* C.A. Kent and J.C. Mogul. Fragmentation Considered Harmful. Proc. of ACM SIGCOMM '86, 1986.
* Design and implement a scalable Internet router, reliable circuit establishment for circuit switching, a sliding window transport protocol including connection establishment, or a "layer 4" switch (NAT, load balancer and firewall).
Week 3: Routing: Intradomain routing and BGP
* Peterson, Chapter 4.2, 4.3
* C. Labovitz, G. R. Malan, and F. Jahanian, Internet Routing Instability, Proceedings of SIGCOMM'97, September 1997.
* S. Floyd and V. Jacobson. The Synchronization of Periodic Routing Messages. IEEE/ACM Transactions on Networking, Vol. 2, No. 2, pp. 122-136, April 1994.
* Design and implement a robust hierarchical routing protocol.
Week 4: Mobile and Name Routing (April 23)
* J. Broch, D. Maltz, D. Johnson , Y-C. Hu, J. Jetcheva, A Performance Comparison of Multi-Hop Wireless Ad Hoc Routing Protocols, Proc. ACM/IEEE MOBICOM, Dallas, TX, August 1998.
* Ion Stoica et al., "Internet Indirection Infrastructure", UC Berkeley Technical Report, 2002.
* Design and implement a wireless routing protocol or a scalable publish/subscribe infrastructure.
Week 5: Congestion Control: what should hosts do?
* Peterson, Chapter 6.3
* V. Jacobson, Congestion Avoidance and Control, SIGCOMM '88, Sept. 1988, pp. 314-329.
* H. T. Kung and Robert Morris. "Credit-Based Flow Control for ATM Networks", IEEE Network, 1995.
* Design and implement a congestion control scheme (end to end or hop by hop).
Week 6: Congestion Control: what should routers do?
* Peterson, Chapter 6.2, 6.4
* A. Demers, S. Keshav, and S. Shenker, Analysis and Simulation of a Fair Queueing Algorithm, Proceedings of ACM SIGCOMM'89, pp 3-12.
* S. Floyd and V. Jacobson, Random Early Detection gateways for Congestion Avoidance IEEE/ACM Transactions on Networking, 1(4):397-413 August 1993.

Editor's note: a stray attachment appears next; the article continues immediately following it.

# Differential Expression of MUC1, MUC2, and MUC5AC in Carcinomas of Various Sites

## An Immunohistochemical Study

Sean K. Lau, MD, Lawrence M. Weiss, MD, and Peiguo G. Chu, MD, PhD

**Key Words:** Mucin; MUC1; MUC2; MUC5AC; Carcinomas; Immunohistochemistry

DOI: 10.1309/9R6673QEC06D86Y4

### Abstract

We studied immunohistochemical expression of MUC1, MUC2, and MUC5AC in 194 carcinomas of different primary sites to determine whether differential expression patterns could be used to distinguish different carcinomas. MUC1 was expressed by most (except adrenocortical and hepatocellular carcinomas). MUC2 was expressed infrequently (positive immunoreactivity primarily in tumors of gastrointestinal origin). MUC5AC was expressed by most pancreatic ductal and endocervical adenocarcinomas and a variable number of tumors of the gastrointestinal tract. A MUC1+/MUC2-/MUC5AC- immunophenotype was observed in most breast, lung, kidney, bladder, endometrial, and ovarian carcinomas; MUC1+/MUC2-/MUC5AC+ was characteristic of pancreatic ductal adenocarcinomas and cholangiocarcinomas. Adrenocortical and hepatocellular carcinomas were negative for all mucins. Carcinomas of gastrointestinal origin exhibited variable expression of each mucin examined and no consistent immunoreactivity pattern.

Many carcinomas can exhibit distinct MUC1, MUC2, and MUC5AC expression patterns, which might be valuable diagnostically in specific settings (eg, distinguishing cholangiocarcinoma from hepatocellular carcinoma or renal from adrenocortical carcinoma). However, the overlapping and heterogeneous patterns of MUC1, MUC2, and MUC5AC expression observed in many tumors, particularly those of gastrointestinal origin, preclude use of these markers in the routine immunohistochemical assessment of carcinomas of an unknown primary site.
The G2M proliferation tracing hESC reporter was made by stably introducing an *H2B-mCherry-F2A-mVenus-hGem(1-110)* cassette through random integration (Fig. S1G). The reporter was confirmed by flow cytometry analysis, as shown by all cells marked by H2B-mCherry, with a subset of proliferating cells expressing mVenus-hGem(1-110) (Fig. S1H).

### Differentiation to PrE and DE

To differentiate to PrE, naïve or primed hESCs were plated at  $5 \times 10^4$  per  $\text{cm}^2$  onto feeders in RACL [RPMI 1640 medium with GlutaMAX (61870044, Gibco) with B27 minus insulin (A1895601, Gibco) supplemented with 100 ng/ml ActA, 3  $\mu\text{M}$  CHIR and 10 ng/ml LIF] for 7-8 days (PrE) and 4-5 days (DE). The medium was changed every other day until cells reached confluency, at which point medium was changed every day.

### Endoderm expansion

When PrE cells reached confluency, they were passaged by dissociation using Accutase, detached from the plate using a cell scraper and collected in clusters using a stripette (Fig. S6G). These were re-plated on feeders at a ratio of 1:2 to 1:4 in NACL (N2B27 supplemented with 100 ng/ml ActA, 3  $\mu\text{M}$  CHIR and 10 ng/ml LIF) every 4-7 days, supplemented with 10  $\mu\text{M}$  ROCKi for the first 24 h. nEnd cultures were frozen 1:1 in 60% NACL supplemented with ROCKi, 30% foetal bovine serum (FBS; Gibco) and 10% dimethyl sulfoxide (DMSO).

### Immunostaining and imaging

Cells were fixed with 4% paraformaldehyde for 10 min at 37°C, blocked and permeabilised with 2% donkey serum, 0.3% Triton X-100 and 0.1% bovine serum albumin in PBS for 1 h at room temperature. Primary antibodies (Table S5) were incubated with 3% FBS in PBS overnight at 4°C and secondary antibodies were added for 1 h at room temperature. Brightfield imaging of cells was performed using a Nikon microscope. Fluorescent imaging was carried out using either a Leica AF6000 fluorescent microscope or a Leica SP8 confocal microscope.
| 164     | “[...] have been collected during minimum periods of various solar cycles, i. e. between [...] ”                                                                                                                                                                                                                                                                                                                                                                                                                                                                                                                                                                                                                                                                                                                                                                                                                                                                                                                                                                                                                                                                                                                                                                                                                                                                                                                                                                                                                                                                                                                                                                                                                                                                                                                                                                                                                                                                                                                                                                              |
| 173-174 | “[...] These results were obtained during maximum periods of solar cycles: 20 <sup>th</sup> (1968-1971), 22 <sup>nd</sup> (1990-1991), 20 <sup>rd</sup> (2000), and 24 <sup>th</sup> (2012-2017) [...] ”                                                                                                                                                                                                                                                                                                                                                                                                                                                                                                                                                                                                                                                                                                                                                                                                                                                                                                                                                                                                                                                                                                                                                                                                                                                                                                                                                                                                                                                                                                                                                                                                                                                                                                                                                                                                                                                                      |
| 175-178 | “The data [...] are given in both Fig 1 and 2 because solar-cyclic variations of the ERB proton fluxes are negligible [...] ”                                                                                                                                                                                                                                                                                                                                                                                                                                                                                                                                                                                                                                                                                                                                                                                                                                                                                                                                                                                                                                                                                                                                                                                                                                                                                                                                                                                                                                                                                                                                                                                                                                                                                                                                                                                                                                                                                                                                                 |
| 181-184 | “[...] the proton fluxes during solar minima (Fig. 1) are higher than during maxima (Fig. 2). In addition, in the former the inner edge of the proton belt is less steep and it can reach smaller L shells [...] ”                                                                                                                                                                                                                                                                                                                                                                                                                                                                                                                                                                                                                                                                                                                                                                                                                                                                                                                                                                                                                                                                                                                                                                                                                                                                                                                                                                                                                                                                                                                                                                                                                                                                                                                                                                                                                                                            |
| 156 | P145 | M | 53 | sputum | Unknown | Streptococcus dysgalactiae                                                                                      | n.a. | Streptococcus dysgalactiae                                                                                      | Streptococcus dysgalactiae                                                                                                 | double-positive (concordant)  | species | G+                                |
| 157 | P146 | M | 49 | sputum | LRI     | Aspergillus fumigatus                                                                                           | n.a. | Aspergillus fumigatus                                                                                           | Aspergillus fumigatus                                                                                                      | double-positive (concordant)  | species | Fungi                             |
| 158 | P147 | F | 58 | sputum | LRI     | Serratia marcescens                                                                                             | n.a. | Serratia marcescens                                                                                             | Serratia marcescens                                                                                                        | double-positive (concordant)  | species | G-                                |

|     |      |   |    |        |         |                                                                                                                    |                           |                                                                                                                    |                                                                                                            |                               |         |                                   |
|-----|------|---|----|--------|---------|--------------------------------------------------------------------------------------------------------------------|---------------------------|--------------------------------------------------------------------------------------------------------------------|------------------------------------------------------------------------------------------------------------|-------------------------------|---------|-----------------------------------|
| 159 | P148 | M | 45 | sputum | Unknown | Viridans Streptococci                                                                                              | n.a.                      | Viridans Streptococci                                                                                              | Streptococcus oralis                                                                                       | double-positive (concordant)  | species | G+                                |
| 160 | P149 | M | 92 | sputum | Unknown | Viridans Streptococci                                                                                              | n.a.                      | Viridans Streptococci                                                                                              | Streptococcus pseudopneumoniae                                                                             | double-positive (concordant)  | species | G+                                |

* Design and implement self-tuning active queue management.
Week 7: Mobile Networking
* H. Balakrishnan, S. Seshan, and R.H. Katz., Improving Reliable Transport and Handoff Performance in Cellular Wireless Networks, ACM Wireless Networks, 1(4), December 1995.
* A. Snoeren and H. Balakrishnan, An End-to-End Approach to Host Mobility, Proc. ACM MOBICOM, Boston, MA, August 2000.
* Design and implement a TCP-aware wireless router, or a system for maintaining connection state for mobile hosts.
Week 8: Multicast
* Peterson, Chapter 4.4
* S. Floyd, V. Jacobson, S. McCanne, C. G. Liu, and L. Zhang, A Reliable Multicast Framework for Light-weight Sessions and Application Level Framing, ACM SIGCOMM 95. There is a later version of this paper available from the authors or citeseer
* Steven McCanne, Van Jacobson and Martin Vetterli. Receiver-driven Layered Multicast, SIGCOMM '96.
* Design and implement a scalable, hierarchical multicast routing protocol, a multicast reliability protocol, a multicast congestion control protocol, or a self-configuring multicast overlay network.
Week 9: Quality of Service
* Peterson, Chapter 6.5
* L. Zhang, S. Deering, D. Estrin, S. Shenker, and D. Zappala. RSVP: A New Resource Reservation Protocol. IEEE Network, Vol. 7, pp. 8-18, September, 1993.
* I. Stoica and H. Zhang, Providing Guaranteed Services Without Per Flow Management. ACM SIGCOMM'99 , Boston, MA, Sept 1999.
* Design and implement Internet support for real-time applications.
Week 10: Naming and Discovery
* Peterson, Chapter 9.1
* P. V. Mockapetris and K. Dunlap, Development of the Domain Name System. In Proceedings of SIGCOMM '88 (Stanford, CA, August, 1988).
* I. Clarke, O. Sandberg, B. Wiley, and T. W. Hong, Freenet: A Distributed Anonymous Information Storage and Retrieval System ICSI Workshop on Design Issues in Anonymity and Unobservability, July 2000.
* Ion Stoica, Robert Morris, David Karger, M. Frans Kaashoek, and Hari Balakrishnan, Chord: A Scalable Peer-to-peer Lookup Service for Internet Applications, ACM SIGCOMM 2001, San Deigo, CA, August 2001, pp. 149-160.
* Design and implement a scalable naming infrastructure or a scalable file sharing utility.